Tsukamoto weaves a number of themes and ideas through the simple narrative creating a work that really wants to say something about the problems it addresses. For example, Goda’s obsession with the gun become a more general rumination on the problem of violence in society. Likewise, in attempting to work through his anger and upset at his girlfriend’s death, and fathom some reason for it, he is in fact representing a deeply felt angst in Japanese society about this issue. Suicide is a serious problem in Japan and the film has two characters that seem to have this self-destructive urge. While “Bullet Ballet” rightly shies away from giving any definitive solution to the problem, it does shine a light on it, questioning to what extent this self-destructive urge is perhaps part of a larger undercurrent of violence in society. Goda’s obsession with the gun as a solution to his anger and sense of powerlessness at the loss of his girlfriend shows that Goda is not above this descent into violence.

Party ‘Round the Globe (2017)

Two co-workers at a small electronics company travel together to a Paul McCartney concert at Tokyo Dome. One of the men is a humorous, talkative individual, the other sits in stoic silence, eyes fixed on the road. As the film progresses we cut back to the life of this quiet individual as he goes about his daily routine, watering plants, working at his monotonous job, listening to news stories of terror attacks and disasters, and thinking about a former life.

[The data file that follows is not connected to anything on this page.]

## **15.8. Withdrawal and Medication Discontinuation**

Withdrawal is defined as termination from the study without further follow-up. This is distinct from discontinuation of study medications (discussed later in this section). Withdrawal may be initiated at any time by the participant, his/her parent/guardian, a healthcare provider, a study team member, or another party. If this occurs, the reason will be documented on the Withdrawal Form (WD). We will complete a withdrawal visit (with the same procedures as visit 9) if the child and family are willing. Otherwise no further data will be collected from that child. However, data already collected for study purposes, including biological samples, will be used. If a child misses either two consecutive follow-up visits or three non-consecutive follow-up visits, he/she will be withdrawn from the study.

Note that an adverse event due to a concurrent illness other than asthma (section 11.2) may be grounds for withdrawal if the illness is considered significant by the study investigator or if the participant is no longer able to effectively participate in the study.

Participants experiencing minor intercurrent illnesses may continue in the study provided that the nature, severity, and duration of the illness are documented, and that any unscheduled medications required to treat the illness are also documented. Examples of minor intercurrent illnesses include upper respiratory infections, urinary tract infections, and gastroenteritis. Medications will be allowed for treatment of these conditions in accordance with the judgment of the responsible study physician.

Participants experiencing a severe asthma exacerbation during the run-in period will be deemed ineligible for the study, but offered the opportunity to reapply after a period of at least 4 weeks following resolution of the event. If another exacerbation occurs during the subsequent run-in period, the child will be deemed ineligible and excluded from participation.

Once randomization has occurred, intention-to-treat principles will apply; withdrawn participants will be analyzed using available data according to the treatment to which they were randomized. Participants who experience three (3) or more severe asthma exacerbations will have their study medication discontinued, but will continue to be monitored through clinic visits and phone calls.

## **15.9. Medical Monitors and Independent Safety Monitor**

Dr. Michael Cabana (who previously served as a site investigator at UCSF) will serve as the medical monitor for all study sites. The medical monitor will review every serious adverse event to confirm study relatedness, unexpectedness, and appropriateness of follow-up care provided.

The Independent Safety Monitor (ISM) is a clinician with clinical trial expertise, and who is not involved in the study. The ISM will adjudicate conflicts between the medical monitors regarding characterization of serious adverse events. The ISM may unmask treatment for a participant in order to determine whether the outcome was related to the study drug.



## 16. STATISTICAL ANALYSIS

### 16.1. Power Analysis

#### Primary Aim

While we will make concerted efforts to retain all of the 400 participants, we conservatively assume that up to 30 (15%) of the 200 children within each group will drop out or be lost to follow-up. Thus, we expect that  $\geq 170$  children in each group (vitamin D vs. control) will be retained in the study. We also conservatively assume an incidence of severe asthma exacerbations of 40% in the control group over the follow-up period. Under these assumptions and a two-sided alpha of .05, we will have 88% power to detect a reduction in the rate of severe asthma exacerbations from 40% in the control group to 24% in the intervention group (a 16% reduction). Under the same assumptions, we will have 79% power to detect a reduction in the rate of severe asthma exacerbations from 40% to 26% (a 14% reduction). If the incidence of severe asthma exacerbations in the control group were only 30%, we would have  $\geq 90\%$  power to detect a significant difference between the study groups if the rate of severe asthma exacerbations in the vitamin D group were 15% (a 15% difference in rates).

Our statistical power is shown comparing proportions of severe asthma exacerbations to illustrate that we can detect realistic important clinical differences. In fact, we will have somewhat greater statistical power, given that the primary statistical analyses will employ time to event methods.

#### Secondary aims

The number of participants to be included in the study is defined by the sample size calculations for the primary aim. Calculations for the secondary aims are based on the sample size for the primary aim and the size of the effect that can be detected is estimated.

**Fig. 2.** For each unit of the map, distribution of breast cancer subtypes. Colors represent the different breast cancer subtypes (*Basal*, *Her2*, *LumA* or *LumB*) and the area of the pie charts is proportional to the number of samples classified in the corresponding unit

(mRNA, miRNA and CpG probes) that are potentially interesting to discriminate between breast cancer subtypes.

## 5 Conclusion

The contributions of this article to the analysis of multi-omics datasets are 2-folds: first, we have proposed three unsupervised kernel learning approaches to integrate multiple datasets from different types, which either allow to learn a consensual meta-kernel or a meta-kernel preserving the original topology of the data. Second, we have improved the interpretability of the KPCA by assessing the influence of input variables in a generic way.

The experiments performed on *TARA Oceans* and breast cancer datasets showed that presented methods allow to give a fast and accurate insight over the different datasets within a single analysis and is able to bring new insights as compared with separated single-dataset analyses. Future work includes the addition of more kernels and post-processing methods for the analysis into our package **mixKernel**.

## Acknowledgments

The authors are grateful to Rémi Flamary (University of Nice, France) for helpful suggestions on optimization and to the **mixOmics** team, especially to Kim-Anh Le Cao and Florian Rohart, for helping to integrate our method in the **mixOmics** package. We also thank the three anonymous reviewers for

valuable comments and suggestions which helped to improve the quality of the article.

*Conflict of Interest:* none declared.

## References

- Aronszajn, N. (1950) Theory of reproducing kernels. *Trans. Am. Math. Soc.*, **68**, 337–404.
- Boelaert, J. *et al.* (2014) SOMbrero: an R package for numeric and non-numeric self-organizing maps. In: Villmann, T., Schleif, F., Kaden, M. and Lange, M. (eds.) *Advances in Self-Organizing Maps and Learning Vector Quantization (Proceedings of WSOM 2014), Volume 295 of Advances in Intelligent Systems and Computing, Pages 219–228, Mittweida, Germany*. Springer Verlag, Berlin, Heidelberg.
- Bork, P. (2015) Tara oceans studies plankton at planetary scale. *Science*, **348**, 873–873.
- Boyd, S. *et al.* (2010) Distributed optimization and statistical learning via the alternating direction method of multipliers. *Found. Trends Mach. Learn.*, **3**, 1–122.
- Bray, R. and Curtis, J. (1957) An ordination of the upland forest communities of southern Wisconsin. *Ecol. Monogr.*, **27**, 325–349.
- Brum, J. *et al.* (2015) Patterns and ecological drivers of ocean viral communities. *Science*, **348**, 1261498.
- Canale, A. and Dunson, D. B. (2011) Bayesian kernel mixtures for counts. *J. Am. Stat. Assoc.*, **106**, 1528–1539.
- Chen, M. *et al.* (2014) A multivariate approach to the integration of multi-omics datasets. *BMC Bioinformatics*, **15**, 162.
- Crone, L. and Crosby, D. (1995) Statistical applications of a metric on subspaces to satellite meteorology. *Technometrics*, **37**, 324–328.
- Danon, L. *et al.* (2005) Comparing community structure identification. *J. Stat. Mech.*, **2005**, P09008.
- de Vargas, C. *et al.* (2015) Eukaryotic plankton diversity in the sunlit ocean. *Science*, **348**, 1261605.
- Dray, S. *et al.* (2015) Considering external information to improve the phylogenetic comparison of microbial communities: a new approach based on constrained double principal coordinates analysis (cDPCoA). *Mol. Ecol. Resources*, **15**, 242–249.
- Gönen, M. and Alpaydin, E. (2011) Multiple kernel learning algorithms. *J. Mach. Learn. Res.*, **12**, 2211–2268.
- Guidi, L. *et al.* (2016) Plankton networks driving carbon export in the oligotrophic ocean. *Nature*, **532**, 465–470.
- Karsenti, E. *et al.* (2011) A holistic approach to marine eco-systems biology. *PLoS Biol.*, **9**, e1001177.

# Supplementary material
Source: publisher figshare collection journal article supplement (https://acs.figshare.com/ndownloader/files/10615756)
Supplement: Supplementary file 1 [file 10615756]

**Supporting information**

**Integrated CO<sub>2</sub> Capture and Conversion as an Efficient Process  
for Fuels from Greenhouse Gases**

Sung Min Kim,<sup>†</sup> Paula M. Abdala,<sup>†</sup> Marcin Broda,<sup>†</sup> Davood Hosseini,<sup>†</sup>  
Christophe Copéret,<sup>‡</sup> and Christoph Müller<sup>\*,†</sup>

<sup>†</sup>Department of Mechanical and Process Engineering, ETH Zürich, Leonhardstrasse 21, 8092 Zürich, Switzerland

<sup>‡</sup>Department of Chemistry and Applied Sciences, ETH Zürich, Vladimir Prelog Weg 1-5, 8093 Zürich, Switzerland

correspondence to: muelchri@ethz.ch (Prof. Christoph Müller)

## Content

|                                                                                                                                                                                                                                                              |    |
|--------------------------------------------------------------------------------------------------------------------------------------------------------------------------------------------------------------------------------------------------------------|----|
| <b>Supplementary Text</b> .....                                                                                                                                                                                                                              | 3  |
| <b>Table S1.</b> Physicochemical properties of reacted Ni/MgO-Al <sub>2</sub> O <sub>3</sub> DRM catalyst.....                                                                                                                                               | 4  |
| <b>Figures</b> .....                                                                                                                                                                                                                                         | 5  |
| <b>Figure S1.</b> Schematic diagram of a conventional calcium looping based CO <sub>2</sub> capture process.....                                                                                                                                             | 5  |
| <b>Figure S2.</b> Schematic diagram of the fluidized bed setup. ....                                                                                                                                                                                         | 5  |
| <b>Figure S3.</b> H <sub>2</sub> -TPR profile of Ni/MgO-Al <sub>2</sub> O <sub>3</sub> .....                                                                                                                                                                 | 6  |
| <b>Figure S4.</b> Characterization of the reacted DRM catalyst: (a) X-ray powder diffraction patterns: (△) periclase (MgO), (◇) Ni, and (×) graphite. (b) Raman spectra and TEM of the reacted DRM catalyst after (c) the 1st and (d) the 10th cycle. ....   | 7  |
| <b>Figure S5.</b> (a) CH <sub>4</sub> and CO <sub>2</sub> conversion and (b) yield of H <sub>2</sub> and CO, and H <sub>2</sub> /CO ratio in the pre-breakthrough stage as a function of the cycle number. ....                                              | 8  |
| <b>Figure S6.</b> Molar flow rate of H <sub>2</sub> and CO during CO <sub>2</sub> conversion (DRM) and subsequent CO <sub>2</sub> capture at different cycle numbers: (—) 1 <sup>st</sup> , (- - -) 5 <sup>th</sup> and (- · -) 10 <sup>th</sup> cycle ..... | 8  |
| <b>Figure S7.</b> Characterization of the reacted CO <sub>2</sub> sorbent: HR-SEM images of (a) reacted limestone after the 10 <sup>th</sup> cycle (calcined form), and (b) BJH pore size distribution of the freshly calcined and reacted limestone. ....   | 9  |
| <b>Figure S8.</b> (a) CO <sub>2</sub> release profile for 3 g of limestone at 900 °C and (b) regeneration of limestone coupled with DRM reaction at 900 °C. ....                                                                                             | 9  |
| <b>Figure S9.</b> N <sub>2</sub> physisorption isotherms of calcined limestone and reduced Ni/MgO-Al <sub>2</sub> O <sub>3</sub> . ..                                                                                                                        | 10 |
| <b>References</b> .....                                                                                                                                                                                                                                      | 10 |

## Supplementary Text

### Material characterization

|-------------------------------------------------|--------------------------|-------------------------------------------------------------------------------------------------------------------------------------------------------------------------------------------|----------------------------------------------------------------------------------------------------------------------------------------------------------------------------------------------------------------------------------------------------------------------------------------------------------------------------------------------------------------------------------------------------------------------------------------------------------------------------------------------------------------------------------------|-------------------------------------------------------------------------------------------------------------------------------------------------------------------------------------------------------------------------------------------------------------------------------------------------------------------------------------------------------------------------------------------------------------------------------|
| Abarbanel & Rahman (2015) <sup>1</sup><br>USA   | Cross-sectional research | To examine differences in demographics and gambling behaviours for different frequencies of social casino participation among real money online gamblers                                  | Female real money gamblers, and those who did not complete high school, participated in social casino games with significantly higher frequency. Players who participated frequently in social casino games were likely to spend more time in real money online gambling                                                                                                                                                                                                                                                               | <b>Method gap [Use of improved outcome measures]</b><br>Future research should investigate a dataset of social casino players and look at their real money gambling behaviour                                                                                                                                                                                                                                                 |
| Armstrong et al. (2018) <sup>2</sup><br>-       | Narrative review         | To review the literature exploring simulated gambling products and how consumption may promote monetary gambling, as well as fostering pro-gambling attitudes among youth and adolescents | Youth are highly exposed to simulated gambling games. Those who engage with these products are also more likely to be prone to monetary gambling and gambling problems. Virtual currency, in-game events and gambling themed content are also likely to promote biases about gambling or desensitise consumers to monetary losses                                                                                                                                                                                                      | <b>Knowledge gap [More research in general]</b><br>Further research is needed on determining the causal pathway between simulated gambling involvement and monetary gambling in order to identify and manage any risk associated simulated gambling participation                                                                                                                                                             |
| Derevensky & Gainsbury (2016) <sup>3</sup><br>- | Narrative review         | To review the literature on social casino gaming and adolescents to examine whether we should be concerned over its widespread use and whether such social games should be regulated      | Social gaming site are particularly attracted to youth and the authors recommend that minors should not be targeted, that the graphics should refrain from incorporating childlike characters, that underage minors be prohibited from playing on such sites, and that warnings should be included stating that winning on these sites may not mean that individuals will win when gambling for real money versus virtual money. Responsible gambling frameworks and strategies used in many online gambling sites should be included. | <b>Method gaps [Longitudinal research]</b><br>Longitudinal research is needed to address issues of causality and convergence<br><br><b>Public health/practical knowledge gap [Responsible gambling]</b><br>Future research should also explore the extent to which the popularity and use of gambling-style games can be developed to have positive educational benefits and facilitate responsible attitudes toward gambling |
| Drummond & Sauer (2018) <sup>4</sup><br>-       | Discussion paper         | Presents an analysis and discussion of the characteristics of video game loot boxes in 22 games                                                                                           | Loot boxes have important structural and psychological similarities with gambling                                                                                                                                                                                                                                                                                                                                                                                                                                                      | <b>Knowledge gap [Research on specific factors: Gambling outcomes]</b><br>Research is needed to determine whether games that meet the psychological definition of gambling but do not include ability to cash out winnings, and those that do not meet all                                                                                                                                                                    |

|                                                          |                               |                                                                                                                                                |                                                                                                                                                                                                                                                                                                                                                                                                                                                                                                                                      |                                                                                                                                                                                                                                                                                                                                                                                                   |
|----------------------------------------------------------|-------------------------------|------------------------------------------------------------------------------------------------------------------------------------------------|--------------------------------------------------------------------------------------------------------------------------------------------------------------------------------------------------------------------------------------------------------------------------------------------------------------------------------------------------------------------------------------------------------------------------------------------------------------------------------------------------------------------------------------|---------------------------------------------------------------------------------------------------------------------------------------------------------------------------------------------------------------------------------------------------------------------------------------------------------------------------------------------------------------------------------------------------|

Written and directed by Hirofumi Watanabe the film has many hallmarks of an indie feature. Shot in black-and-white, long static camera takes. The film drags the audience into the tedium of the protagonists life. This is far from an easy watch as you almost begin to feel the oppressive weight of this on him. These lengthy sequences are broken up by the scenes of his car journey as his companion continues to ramble on about The Beatles, Bob Dylan, music fans, and other interconnected topics.

This is not a film that immediately endears itself to the audience. In fact it almost goes out of its way to do everything to turn you off watching. But there is something strangely intriguing about it. Perhaps because of the almost offensively boring nature of certain scenes it makes you think about what is happening. What is the significance of the radio stories to this man? What is it he wants from life? What does he feel about the concert he is driving to? What happened in his past? The film offers few answers but it does draw the character realistically enough that you can assume that there are answers. Certainly not for everyone, but if your patience allows and you are a fan of slow-burn human dramas with a humorous tinge, it is worth a watch.